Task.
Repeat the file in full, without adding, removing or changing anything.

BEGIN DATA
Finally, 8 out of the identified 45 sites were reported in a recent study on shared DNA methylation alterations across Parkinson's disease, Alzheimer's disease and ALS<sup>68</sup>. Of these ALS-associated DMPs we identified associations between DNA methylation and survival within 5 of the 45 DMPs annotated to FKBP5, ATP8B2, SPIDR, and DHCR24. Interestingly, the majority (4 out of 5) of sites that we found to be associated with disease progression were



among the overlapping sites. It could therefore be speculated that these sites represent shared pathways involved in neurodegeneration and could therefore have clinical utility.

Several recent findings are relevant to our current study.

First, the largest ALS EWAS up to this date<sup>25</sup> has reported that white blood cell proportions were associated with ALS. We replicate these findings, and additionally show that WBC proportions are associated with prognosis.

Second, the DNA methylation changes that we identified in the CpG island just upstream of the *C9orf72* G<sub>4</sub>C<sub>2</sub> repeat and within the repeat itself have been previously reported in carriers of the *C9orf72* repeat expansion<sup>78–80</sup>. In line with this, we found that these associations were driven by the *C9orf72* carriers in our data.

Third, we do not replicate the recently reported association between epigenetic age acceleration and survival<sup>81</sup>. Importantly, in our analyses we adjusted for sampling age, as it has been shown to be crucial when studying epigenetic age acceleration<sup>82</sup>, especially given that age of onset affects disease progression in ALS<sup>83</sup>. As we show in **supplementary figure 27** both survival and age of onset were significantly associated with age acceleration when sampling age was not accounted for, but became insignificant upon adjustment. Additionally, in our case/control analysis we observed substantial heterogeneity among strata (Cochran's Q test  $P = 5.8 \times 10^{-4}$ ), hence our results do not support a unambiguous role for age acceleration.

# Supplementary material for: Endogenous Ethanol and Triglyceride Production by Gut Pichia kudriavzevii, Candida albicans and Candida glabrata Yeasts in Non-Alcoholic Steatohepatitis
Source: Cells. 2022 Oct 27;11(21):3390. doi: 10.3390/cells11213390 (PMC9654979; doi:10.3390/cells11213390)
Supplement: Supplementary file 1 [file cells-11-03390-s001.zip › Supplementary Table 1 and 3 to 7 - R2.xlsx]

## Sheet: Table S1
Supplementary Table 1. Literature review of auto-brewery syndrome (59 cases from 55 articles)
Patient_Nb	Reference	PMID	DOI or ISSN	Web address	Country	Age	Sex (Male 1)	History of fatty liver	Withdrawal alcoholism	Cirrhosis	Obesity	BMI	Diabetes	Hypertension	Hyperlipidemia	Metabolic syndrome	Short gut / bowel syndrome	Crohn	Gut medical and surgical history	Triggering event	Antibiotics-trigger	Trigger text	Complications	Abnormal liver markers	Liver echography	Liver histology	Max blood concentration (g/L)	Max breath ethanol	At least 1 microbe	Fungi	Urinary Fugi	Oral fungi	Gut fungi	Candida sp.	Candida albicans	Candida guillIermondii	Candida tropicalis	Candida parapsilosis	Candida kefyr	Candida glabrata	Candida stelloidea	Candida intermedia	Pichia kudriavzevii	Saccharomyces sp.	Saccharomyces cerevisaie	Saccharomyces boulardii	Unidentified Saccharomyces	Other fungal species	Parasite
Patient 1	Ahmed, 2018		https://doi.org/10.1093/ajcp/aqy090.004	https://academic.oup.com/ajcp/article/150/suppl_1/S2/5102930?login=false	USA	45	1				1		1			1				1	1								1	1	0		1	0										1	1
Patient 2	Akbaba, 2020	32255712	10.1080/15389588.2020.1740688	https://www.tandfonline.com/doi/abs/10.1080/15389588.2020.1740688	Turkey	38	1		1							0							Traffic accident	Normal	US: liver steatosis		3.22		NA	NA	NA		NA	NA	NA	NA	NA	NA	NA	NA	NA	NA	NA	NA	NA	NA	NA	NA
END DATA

Finally, 8 out of the identified 45 sites were reported in a recent study on shared DNA methylation alterations across Parkinson's disease, Alzheimer's disease and ALS<sup>68</sup>. Of these ALS-associated DMPs we identified associations between DNA methylation and survival within 5 of the 45 DMPs annotated to FKBP5, ATP8B2, SPIDR, and DHCR24. Interestingly, the majority (4 out of 5) of sites that we found to be associated with disease progression were



among the overlapping sites. It could therefore be speculated that these sites represent shared pathways involved in neurodegeneration and could therefore have clinical utility.

Several recent findings are relevant to our current study.

First, the largest ALS EWAS up to this date<sup>25</sup> has reported that white blood cell proportions were associated with ALS. We replicate these findings, and additionally show that WBC proportions are associated with prognosis.

Second, the DNA methylation changes that we identified in the CpG island just upstream of the *C9orf72* G<sub>4</sub>C<sub>2</sub> repeat and within the repeat itself have been previously reported in carriers of the *C9orf72* repeat expansion<sup>78–80</sup>. In line with this, we found that these associations were driven by the *C9orf72* carriers in our data.

Third, we do not replicate the recently reported association between epigenetic age acceleration and survival<sup>81</sup>. Importantly, in our analyses we adjusted for sampling age, as it has been shown to be crucial when studying epigenetic age acceleration<sup>82</sup>, especially given that age of onset affects disease progression in ALS<sup>83</sup>. As we show in **supplementary figure 27** both survival and age of onset were significantly associated with age acceleration when sampling age was not accounted for, but became insignificant upon adjustment. Additionally, in our case/control analysis we observed substantial heterogeneity among strata (Cochran's Q test  $P = 5.8 \times 10^{-4}$ ), hence our results do not support a unambiguous role for age acceleration.

# Supplementary material for: Endogenous Ethanol and Triglyceride Production by Gut Pichia kudriavzevii, Candida albicans and Candida glabrata Yeasts in Non-Alcoholic Steatohepatitis
Source: Cells. 2022 Oct 27;11(21):3390. doi: 10.3390/cells11213390 (PMC9654979; doi:10.3390/cells11213390)
Supplement: Supplementary file 1 [file cells-11-03390-s001.zip › Supplementary Table 1 and 3 to 7 - R2.xlsx]

## Sheet: Table S1
Supplementary Table 1. Literature review of auto-brewery syndrome (59 cases from 55 articles)
Patient_Nb	Reference	PMID	DOI or ISSN	Web address	Country	Age	Sex (Male 1)	History of fatty liver	Withdrawal alcoholism	Cirrhosis	Obesity	BMI	Diabetes	Hypertension	Hyperlipidemia	Metabolic syndrome	Short gut / bowel syndrome	Crohn	Gut medical and surgical history	Triggering event	Antibiotics-trigger	Trigger text	Complications	Abnormal liver markers	Liver echography	Liver histology	Max blood concentration (g/L)	Max breath ethanol	At least 1 microbe	Fungi	Urinary Fugi	Oral fungi	Gut fungi	Candida sp.	Candida albicans	Candida guillIermondii	Candida tropicalis	Candida parapsilosis	Candida kefyr	Candida glabrata	Candida stelloidea	Candida intermedia	Pichia kudriavzevii	Saccharomyces sp.	Saccharomyces cerevisaie	Saccharomyces boulardii	Unidentified Saccharomyces	Other fungal species	Parasite
Patient 1	Ahmed, 2018		https://doi.org/10.1093/ajcp/aqy090.004	https://academic.oup.com/ajcp/article/150/suppl_1/S2/5102930?login=false	USA	45	1				1		1			1				1	1								1	1	0		1	0										1	1
Patient 2	Akbaba, 2020	32255712	10.1080/15389588.2020.1740688	https://www.tandfonline.com/doi/abs/10.1080/15389588.2020.1740688	Turkey	38	1		1							0							Traffic accident	Normal	US: liver steatosis		3.22		NA	NA	NA		NA	NA	NA	NA	NA	NA	NA	NA	NA	NA	NA	NA	NA	NA	NA	NA